Research Dr. Darren Wong led and Assoc. Professor Low Boon Chuan revealed how BPGAP1 synchronizes two critical proteins involved in cell migration, the GTPases Rac1 and RhoA.

; this is what makes cancer deadly.

Because metastasis is a complex and multistep process, effective therapy options for advanced stages are limited and focus more on symptom management than on addressing the root cause.

Unfolding the BPGAP1 molecule

Unraveling the underlying molecular activity of BPGAP1 may hold the key to understanding cancer cell transition and pave the way for more targeted cancer therapy.


Cell motility is accelerated by changes in its cytoskeletal architecture, mediated by a group of proteins known as GTPases. A GTPase is a molecular switch that activates (or deactivates) specific pathways to carry out cellular activities.

Rac1 and RhoA GTPases cooperate to remodel the cytoskeleton by mediating different pathways—Rac1 enables the cell to sense, grasp its surroundings, and crawl by forming sheet-like membrane protrusions (known as lamellipodia), while RhoA creates adhesion sites and contractile force. push the cell forward.

These two processes are often contradictory and do not occur at the same time or place, but are required for successful cell migration. As a result, proteins must be orchestrated in such a way that their actions are synchronized.

They found that BPGAP1 binds to inactive Rac1 and the two move to lamellipodia. BPGAP1 must recruit another protein known as Vav1 to activate Rac1 when the cell is physically stimulated by epidermal growth factors.

Cell Migration Behavior Observed

When all of these elements were present, the team observed improved cell migration behaviors, such as cell flattening and spreading longer protrusions that grew, increased motility, and a better ability to remove itself from blood vessels.

Although scientists are aware of the role of Rac1 and RhoA in cell migration, Dr. Wong and his colleagues discovered that another protein, BPGAP1, not only interacts with both of them, but is also highly expressed in cancer cells and widely promotes cell migration.

They then discovered that BPGAP1 serves as a scaffold and coordinator between the two GTPases, acting as a critical regulator of their activity.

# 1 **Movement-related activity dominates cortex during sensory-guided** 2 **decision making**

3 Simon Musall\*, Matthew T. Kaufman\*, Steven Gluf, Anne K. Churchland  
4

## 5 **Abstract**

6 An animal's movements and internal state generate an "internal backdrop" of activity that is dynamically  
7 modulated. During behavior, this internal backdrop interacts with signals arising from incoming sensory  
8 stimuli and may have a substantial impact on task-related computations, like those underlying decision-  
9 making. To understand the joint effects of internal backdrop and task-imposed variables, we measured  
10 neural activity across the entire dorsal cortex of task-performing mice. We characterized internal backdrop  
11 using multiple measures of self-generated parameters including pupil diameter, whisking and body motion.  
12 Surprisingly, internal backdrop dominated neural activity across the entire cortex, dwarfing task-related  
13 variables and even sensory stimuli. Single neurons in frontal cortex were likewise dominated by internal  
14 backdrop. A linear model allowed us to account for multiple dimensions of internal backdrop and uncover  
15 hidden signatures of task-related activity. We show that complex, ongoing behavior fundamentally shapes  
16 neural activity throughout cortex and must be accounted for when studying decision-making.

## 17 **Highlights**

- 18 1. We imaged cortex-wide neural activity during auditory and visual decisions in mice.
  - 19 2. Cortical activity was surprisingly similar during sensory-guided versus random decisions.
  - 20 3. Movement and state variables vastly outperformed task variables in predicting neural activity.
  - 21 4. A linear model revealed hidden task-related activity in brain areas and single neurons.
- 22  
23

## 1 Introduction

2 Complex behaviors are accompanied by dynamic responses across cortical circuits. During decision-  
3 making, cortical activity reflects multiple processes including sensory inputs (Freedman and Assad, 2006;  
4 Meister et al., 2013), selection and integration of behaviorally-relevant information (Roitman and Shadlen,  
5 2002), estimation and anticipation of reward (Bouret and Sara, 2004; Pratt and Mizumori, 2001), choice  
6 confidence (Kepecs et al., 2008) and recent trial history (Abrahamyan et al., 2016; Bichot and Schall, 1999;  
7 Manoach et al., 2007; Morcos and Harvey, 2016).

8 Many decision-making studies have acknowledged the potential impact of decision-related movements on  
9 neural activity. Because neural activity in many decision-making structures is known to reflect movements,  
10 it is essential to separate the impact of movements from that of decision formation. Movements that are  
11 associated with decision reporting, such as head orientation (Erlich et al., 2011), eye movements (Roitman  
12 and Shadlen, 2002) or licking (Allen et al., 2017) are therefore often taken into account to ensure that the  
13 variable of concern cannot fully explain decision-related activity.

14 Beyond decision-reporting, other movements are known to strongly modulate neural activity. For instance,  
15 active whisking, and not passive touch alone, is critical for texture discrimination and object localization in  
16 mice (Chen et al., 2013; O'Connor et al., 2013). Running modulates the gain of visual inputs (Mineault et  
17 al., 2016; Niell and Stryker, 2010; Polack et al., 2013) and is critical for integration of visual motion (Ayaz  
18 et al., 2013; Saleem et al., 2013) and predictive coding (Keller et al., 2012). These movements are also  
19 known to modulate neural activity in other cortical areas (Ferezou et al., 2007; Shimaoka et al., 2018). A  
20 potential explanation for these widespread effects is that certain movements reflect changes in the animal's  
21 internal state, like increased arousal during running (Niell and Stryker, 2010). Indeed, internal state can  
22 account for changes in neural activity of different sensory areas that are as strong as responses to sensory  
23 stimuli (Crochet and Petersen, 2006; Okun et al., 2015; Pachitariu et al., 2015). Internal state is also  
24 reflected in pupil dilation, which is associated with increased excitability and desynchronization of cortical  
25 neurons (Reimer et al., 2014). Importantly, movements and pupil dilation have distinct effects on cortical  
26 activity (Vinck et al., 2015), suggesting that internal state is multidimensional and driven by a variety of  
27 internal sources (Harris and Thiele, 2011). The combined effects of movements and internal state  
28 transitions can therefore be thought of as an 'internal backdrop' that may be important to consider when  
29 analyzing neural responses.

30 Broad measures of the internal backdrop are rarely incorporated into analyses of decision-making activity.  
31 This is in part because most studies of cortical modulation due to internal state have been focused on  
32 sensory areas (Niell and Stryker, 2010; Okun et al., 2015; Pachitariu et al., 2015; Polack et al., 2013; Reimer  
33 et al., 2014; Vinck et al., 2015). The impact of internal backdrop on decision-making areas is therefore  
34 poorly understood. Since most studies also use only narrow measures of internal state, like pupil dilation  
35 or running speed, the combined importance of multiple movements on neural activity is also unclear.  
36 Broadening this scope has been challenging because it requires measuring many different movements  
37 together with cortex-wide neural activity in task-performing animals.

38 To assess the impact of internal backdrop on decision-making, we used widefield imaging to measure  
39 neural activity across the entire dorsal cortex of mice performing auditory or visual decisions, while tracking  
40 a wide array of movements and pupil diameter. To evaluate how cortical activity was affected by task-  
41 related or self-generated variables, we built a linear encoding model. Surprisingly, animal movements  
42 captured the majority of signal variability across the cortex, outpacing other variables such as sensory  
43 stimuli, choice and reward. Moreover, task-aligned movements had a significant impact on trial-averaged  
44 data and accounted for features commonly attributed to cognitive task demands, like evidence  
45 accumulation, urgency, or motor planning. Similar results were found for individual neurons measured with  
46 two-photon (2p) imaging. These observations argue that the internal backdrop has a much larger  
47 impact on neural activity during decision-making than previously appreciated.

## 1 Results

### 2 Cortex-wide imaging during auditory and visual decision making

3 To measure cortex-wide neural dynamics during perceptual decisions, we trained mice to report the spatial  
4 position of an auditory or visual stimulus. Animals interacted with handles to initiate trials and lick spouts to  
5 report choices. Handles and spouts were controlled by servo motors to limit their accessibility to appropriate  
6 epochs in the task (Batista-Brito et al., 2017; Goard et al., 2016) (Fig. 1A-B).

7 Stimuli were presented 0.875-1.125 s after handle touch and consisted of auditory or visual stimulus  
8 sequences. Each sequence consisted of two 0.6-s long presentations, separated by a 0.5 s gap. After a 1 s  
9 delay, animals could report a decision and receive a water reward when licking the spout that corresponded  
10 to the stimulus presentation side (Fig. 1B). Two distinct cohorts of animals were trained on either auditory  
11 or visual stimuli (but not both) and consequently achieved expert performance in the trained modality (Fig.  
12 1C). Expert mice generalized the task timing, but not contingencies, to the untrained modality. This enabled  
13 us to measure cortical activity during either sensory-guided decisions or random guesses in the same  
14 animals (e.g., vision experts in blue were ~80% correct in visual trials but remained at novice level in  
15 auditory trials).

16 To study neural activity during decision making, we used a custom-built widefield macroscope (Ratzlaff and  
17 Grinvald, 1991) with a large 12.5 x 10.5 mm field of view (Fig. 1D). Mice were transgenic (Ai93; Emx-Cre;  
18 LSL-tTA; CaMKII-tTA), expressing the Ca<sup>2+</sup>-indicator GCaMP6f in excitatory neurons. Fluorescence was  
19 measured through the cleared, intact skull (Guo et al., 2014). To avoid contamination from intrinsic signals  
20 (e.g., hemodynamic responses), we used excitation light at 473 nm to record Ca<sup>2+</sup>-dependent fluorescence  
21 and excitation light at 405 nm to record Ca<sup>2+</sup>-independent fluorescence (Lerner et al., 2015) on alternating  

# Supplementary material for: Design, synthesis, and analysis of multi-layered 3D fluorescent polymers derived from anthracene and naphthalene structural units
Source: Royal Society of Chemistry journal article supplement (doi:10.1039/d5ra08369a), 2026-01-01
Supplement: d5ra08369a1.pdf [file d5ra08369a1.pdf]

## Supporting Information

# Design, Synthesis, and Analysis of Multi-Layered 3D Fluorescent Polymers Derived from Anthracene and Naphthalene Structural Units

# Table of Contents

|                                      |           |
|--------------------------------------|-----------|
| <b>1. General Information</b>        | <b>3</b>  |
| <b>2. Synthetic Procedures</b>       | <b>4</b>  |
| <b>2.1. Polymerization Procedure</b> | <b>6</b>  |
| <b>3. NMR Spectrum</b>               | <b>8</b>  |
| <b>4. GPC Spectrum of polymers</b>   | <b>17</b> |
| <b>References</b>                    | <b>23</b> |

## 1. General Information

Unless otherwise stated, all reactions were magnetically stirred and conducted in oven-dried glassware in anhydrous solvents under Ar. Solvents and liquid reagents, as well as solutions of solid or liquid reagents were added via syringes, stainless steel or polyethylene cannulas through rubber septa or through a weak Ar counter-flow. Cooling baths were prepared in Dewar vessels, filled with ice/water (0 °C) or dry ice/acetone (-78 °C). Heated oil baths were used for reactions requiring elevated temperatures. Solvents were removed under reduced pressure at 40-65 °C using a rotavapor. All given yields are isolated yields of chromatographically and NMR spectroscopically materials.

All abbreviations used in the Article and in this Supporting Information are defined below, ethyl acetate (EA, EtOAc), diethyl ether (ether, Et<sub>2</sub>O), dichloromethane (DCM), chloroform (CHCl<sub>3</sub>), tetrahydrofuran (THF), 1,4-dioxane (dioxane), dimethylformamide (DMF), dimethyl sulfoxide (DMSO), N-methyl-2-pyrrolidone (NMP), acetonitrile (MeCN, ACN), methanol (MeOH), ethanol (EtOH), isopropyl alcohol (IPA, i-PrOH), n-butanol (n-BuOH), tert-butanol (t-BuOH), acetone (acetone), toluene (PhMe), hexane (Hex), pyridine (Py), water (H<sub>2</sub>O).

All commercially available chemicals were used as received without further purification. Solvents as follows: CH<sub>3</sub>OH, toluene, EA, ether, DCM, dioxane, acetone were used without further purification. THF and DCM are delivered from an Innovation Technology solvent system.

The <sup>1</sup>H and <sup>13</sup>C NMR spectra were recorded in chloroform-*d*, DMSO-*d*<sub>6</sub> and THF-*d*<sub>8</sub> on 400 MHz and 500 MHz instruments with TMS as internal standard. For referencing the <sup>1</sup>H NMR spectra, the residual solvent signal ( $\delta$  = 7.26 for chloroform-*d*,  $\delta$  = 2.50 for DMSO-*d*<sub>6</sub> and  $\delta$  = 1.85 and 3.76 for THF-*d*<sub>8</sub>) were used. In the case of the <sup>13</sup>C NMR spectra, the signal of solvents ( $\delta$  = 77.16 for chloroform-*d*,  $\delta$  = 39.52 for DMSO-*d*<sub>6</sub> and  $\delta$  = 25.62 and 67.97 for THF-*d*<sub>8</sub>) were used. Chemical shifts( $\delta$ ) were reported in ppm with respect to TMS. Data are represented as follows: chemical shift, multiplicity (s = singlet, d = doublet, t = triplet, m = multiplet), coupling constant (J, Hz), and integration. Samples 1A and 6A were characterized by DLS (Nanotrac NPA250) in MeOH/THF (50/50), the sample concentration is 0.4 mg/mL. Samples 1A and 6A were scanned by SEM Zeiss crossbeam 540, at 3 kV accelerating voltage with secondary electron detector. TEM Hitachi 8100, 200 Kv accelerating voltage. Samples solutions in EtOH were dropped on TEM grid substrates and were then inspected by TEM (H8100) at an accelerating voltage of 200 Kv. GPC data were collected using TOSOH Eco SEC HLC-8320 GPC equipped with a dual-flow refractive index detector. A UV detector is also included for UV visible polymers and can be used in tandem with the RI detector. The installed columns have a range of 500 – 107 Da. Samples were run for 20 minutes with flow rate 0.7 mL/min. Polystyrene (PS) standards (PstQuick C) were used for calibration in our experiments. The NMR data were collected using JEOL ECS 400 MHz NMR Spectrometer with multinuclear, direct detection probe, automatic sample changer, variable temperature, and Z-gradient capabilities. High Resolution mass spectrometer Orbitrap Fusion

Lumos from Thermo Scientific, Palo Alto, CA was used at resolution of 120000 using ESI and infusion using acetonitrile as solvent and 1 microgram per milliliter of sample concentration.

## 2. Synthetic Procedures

They worked with clinical scientists both locally and internationally to confirm this. They discovered and integrated the working mechanism of BPGAP1 using different models, assays and biomaterials, especially in metastatic breast cancer cells.

So where does RhoA come into all this? Unlike Rac1, BPGAP1 inhibits RhoA by binding to one of its domains. Thus, by turning RhoA “off” and Rac1 “on,” BPGAP1 controls the actions of the two GTPases. Cell motility is ultimately enhanced by these repetitive on/off cycles.

Timing is also important as it acts as a pacemaker to coordinate Rac1 activation with RhoA inactivation. Such close dynamics allow the cell to respond quickly to any shock. Not surprisingly, the researchers found that if BPGAP1 loses its function and cannot regulate the two GTPases, the ability of the cell to migrate is impaired.

By identifying the role of BPGAP1 in controlling cell movement and its higher involvement in metastatic cells, it is clear that BPGAP1 is central to cell migration and metastasis.

In addition, its increase in all stages of breast cancer, as well as in malignancies of lung, pancreas, cervix, colon, ovary and stomach, suggests that it plays a role in all types and stages of cancer.

Consequently, the identification of BPGAP1 has great potential for cancer prediction and treatment. “We can use BPGAP1 both as a marker for cancer prognosis and as a target for cancer intervention among different types of cancer,” said Dr. Wong explained. “We hope that with this advance, we can inspire new approaches for therapeutic designs in cancer and metastasis.”


  1. The scaffolding RhoGAP protein ARHGAP8/BPGAP1 synchronizes Rac and Rho signaling to facilitate cell migration – (

Source: Medium

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